EU wants to force all smartphone, tablet, and headphone makers to use USB-C charging port

In a move impacting Apple more than its rivals, the EU aims to have a common USB-C charging port for mobile phones, tablets and headphones under a European Commission proposal presented on Thursday in a world first. The move has been more than 10 years in the making.

EU wants to force all smartphone, tablet, and headphone makers to use USB-C charging port
Apple’s Lightning port


Under the Commission’s proposal, a USB-C connector will become the standard port for all smartphones, tablets, cameras, headphones, portable speakers and handheld videogame consoles. Chargers will also be sold separately from electronic devices.

The EU executive will revise its eco-design regulation in the near future so that the external power supply is interoperable, which is the last step for a common charge.

Apple pushed back against the proposal.

“We remain concerned that strict regulation mandating just one type of connector stifles innovation rather than encouraging it, which in turn will harm consumers in Europe and around the world,” the company said in a statement.

“I have known these companies for years. Every time we put (forward) a proposal, they start to say ‘oh, it will be against innovation’. No, it’s not against innovation, it’s not against anyone. Like everything the Commission does, it’s for consumers,” he said.

MacDailyNews Take: It’s clearly against one company, Apple. And it clearly freezes innovation: “This is what you must use and, at the speed we operate, it’ll be a decade plus before you’re allowed to change it, if we ever even get around to it.” So, this wasteful quasi-governmental dictate is par for the course for the EU which comprises a whopping 5.8 percent of the world population.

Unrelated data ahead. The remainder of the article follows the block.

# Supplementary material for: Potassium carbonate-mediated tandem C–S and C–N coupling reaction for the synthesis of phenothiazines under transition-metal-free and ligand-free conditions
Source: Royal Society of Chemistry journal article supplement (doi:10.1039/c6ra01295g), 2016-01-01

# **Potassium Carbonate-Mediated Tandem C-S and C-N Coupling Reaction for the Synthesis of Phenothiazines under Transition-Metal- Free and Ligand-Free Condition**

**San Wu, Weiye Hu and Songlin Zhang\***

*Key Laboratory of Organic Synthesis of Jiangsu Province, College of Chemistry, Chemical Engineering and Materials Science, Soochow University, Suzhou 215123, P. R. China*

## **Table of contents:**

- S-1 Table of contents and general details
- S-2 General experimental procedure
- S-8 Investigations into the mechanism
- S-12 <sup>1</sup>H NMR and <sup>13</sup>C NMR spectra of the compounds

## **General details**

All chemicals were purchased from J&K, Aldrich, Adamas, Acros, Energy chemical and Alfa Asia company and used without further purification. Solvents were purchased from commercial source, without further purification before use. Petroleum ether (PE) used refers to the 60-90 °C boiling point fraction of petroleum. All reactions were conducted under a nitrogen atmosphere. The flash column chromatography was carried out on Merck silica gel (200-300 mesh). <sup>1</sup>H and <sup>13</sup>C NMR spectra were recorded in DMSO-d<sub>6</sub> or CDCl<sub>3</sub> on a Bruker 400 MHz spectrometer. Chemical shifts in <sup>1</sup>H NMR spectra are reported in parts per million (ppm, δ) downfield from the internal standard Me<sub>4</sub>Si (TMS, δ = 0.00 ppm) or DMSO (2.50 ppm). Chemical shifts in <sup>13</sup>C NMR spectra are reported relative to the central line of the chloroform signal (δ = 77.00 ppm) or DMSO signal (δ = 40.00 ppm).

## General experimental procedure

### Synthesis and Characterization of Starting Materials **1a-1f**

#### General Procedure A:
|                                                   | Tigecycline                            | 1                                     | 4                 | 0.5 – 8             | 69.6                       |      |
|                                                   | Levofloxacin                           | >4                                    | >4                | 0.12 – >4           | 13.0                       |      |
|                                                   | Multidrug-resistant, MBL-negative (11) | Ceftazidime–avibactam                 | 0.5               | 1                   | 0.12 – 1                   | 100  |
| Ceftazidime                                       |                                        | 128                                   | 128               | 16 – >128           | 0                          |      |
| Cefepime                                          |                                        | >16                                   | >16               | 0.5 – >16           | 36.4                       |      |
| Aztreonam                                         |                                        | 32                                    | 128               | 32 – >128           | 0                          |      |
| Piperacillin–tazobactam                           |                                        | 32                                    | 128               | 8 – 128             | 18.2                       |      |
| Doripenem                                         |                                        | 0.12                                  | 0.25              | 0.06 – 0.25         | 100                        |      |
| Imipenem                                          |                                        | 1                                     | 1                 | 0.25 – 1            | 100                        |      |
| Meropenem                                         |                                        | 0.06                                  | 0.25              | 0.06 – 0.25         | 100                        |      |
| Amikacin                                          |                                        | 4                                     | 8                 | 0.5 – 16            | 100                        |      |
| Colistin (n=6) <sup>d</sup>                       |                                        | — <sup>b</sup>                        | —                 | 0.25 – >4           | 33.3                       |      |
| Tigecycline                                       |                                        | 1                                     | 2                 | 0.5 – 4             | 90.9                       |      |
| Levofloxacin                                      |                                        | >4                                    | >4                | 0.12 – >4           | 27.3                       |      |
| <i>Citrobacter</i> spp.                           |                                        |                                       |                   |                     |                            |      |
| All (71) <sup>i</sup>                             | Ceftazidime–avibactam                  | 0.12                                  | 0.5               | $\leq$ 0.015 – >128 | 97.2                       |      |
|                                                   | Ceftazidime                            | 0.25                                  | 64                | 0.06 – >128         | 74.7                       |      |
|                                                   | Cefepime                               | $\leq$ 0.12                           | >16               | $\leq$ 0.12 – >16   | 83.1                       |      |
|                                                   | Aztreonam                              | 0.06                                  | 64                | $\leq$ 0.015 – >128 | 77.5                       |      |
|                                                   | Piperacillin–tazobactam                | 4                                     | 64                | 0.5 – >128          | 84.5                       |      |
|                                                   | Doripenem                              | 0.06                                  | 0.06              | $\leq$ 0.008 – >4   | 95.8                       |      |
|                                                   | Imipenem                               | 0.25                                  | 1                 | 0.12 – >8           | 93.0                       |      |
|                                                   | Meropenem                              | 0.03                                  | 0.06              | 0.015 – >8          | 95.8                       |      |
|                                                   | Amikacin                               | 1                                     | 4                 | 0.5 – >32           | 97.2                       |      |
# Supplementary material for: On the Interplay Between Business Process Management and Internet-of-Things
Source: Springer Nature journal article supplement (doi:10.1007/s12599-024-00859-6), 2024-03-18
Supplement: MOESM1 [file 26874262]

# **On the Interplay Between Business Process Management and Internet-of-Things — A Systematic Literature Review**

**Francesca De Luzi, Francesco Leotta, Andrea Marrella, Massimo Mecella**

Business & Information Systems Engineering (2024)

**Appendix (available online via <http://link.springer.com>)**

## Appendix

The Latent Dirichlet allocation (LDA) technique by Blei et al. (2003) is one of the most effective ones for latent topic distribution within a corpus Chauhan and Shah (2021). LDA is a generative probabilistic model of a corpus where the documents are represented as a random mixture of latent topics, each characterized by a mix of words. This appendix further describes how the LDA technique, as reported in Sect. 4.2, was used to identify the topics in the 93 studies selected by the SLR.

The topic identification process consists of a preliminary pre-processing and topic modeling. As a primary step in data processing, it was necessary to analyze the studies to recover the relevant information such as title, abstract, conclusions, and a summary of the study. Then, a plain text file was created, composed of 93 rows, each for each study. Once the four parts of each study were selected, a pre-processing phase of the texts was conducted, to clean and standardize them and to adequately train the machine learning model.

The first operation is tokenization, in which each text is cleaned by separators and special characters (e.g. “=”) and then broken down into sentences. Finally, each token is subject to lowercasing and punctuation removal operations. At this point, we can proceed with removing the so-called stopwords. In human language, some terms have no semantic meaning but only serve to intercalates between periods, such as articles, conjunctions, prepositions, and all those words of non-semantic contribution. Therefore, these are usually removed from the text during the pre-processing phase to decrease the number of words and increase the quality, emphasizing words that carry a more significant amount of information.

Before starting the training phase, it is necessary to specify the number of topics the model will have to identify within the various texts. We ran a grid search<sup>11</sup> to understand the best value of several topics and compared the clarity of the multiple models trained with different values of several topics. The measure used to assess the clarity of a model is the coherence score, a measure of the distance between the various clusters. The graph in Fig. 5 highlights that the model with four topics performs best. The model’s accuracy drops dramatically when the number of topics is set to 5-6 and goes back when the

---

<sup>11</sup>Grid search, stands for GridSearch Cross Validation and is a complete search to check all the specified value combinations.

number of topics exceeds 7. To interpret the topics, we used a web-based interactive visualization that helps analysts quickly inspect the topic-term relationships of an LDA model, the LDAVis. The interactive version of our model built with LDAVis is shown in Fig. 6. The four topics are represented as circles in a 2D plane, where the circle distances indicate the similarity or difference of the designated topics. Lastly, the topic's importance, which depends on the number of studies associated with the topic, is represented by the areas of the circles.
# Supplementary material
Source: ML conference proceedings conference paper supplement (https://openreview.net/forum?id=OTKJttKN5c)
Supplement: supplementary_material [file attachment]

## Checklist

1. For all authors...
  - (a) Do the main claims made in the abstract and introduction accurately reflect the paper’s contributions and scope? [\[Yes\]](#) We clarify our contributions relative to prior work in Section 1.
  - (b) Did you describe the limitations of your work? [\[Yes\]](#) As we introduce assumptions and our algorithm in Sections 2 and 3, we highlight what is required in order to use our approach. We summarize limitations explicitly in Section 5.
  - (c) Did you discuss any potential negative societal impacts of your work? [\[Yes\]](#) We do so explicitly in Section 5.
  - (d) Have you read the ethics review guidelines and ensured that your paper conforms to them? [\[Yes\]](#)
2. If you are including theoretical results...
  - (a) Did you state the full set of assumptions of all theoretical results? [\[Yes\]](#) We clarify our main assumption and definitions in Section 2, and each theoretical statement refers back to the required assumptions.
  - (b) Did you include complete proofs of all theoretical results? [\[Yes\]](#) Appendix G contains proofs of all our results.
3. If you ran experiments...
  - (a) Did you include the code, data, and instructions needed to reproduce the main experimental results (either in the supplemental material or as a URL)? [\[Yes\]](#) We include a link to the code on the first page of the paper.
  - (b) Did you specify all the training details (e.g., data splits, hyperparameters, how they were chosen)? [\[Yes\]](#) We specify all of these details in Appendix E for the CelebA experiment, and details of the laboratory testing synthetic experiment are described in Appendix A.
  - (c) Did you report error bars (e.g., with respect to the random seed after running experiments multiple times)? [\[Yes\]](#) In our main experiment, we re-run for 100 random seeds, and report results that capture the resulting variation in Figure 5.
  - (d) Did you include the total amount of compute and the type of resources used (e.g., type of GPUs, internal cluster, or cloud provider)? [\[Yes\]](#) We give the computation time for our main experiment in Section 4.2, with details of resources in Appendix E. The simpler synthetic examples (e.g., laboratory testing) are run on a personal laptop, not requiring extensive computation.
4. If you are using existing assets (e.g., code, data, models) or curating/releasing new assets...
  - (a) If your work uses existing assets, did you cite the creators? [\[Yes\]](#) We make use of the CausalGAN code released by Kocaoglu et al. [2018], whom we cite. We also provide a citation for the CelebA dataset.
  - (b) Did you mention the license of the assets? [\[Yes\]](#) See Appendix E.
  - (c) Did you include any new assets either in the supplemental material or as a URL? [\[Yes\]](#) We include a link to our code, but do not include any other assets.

This is just needless slow-as-molasses, bureaucratic, quasi-governmental meddling in the market.

If the EU had passed such a law when this was initially proposed, we’d all be stuck with MicroUSB today.

Regardless, soon Apple’s iPhones and iPads won’t have any ports at all. As it stands even today, the Lightning port on our iPhones is largely superfluous. If anything, this misguided and late EU move only hastens Apple’s move to port-free iPhones (with likely even better water resistance).

In January 2018, Apple provided feedback on this issue to the European Commission:

Apple stands for innovation. Regulations that would drive conformity across the type of connector built into all smartphones freeze innovation rather than encourage it. Such proposals are bad for the environment and unnecessarily disruptive for customers.

More than 1 billion Apple devices have shipped using a Lightning connector in addition to an entire ecosystem of accessory and device manufacturers who use Lightning to serve our collective customers. We want to ensure that any new legislation will not result in the shipment of any unnecessary cables or external adaptors with every device, or render obsolete the devices and accessories used by many millions of Europeans and hundreds of millions of Apple customers worldwide. This would result in an unprecedented volume of electronic waste and greatly inconvenience users. To be forced to disrupt this huge market of customers will have consequences far beyond the stated aims of the Commission.


  1. I have enough Apple and third party USB chargers for a lifetime. If cables and adapters are readily available, and manufacturers stop including chargers with every phone automatically, what is the problem?

  2. The phone industry had 10 years to get their act together and in the end the decision was made for them. The moral of the story is you negotiate in good faith and come to an agreement or the decision is taken out of your hands. Ten years…stop whingeing. Now you can flame me.